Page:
Even now, Chennai's oil spill incident in January can affect larvae and juvenile fish

CHENNAI: The Chennai oil spill disaster is still unfolding. Though the issue with its massive ramifications has gone out of focus due to dramatic political developments in the State, the environmental damage it has caused and future threats it poses can’t be discounted, warn marine biologists.

The major worry now is the oil deposited on the seabed can harm larvae and juvenile fish during the current breeding season.

“This is the first litmus test for the Chennai coast. When the fishermen go back into the sea in June after the fishing ban is lifted, we would have a real sense of the extent of damage caused,” said RS Vasan, regional director, National Maritime Foundation.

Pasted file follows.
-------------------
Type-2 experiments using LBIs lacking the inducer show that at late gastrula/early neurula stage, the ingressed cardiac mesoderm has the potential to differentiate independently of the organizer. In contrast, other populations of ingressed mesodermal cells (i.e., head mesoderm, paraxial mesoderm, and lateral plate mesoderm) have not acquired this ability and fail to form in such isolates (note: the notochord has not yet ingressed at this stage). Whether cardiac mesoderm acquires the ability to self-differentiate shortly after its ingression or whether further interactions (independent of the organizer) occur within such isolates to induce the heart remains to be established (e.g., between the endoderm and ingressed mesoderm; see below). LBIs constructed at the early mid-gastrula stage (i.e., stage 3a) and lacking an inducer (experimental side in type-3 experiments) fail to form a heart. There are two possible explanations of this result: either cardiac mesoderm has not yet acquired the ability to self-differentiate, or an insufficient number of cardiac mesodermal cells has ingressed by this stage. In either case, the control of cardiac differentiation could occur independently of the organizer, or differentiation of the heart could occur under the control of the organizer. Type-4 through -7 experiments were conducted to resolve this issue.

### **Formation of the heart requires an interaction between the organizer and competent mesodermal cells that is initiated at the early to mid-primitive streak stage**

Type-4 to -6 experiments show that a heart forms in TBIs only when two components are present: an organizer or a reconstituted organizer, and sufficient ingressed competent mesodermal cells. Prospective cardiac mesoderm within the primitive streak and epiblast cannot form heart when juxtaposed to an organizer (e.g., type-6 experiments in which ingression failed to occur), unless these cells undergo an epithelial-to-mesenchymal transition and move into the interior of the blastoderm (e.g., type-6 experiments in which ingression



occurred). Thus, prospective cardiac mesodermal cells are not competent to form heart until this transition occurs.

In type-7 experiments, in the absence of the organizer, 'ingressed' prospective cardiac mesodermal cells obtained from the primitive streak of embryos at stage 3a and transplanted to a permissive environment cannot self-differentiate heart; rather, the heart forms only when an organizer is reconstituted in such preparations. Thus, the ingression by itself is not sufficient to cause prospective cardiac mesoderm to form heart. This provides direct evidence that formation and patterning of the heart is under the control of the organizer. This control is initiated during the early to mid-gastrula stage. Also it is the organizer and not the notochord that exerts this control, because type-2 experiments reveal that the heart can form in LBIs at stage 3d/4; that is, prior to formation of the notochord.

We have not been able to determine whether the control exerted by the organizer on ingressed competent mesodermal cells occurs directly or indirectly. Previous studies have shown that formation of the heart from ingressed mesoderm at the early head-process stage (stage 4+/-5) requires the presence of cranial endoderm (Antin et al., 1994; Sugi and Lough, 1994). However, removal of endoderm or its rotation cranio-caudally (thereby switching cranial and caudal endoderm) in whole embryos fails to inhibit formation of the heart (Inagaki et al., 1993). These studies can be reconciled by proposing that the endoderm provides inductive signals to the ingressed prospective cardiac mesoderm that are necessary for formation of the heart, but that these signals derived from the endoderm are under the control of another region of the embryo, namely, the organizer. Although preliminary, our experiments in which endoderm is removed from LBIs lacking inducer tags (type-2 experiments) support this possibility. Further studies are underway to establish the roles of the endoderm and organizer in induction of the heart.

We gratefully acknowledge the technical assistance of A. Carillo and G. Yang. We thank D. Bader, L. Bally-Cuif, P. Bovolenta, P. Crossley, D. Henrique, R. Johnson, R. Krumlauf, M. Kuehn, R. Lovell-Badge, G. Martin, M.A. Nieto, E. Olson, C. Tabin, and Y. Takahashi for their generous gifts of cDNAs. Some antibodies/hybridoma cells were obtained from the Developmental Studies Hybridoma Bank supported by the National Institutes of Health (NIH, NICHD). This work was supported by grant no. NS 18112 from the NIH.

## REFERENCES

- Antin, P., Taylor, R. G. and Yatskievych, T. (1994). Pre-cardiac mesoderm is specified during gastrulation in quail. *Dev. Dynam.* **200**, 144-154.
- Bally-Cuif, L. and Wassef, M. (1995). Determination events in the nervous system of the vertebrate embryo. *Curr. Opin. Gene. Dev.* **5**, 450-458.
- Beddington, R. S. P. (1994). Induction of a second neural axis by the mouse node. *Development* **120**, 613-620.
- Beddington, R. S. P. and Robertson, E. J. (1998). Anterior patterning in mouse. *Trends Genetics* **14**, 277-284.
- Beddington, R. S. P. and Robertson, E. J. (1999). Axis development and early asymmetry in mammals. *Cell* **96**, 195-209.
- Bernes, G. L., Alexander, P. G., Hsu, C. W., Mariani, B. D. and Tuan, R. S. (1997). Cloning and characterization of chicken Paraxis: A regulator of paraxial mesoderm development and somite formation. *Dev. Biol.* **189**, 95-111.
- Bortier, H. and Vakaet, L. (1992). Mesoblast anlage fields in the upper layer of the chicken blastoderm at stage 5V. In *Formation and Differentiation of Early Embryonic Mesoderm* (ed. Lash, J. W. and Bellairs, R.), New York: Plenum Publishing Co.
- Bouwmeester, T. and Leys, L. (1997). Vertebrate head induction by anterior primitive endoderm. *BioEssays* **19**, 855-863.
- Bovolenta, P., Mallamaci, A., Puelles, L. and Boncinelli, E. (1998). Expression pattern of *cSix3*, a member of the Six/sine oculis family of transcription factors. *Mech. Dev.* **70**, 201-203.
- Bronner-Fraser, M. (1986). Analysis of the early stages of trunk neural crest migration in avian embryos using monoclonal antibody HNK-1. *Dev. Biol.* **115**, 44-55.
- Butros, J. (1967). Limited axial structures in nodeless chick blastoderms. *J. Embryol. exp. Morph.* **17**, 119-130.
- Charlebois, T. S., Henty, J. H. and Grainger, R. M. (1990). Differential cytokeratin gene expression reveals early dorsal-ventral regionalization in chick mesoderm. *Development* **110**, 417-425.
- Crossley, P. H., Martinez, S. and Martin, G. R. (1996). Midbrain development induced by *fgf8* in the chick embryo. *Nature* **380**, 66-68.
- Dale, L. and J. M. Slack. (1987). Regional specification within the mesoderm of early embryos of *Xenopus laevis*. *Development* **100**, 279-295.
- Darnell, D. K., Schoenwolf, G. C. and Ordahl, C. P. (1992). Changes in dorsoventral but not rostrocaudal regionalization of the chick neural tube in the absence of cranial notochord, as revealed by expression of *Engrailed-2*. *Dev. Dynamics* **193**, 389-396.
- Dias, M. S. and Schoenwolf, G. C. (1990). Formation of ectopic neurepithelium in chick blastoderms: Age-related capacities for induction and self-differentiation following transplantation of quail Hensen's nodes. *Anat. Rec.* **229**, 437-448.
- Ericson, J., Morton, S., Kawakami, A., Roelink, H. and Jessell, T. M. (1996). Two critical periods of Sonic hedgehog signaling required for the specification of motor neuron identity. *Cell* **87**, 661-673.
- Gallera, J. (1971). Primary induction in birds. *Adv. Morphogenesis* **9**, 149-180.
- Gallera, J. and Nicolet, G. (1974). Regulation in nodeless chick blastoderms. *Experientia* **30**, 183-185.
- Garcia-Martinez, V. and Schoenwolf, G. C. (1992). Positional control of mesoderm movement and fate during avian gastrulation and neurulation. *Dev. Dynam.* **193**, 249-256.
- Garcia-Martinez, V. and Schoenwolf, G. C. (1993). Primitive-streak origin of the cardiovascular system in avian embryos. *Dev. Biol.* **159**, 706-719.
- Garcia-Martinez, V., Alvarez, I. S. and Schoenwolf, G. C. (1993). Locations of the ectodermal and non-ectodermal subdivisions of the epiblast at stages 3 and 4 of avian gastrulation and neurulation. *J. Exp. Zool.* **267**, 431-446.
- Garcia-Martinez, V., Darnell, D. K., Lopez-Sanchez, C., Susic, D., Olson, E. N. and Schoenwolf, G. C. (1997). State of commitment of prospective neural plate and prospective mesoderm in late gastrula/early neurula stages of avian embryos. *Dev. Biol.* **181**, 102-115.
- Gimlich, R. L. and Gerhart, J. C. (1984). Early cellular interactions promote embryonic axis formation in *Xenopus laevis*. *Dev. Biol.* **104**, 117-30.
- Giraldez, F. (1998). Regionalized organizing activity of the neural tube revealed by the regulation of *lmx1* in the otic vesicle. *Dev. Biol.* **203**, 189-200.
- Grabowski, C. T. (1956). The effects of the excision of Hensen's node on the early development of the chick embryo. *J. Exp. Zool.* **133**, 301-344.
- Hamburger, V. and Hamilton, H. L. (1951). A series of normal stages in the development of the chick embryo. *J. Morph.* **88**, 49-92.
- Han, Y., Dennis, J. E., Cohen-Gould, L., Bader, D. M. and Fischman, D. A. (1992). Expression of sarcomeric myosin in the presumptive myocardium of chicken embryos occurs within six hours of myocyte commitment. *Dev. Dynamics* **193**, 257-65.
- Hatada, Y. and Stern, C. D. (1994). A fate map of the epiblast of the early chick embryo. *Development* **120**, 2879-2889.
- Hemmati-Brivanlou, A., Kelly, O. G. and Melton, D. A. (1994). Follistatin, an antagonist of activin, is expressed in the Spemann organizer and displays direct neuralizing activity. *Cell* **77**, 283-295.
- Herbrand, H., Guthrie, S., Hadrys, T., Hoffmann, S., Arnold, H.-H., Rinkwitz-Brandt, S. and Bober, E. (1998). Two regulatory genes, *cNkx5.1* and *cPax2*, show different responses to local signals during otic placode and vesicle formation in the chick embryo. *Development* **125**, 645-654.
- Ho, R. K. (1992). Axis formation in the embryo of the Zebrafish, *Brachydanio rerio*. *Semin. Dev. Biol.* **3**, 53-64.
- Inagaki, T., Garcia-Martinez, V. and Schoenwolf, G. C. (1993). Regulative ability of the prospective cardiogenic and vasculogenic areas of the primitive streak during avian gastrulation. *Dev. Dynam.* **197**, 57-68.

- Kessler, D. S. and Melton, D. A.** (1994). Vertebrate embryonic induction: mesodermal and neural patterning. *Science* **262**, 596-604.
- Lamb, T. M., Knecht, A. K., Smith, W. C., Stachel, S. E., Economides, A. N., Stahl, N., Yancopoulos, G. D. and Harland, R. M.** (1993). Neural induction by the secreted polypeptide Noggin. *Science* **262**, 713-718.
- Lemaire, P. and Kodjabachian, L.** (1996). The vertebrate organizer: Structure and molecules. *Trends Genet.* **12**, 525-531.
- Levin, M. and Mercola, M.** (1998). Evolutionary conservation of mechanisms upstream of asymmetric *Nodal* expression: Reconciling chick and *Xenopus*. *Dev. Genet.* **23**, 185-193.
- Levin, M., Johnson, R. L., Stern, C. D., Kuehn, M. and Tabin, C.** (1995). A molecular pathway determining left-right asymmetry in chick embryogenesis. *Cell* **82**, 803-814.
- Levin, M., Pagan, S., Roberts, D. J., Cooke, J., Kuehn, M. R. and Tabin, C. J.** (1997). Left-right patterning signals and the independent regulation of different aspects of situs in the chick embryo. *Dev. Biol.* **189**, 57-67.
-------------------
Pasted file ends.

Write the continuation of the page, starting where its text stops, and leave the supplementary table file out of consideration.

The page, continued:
Meanwhile, reliable sources in the Department of Environment (DoE) told Express that the State government has ‘finally’ formed a 13-member high-level expert committee to conduct an environment impact assessment study.

The committee has been given three months to file a consolidated report. The committee is headed by H Malleshappa, director, DoE, and the first meeting was held last week. Sources said the committee will also be finalising short-term and long-term restoration plans. Kamarajar Port, Chennai Port, IIT Madras, fisheries department, Tamil Nadu Pollution Control Board (TNPCB), health department and couple of NGOs are on the committee.

Close to three months have lapsed since the massive oil spill has hit Chennai coast at 3:45 am on January 28 after two ships collided off Kamarajar Port coast in Ennore. Scientists at the Integrated Coastal and Marine Area Management (ICMAM) Project Directorate in Chennai, who are analysing the ecological footprint of the oil spill, said it has affected over 230 km of State coast from Pulicat to Cuddalore as on date.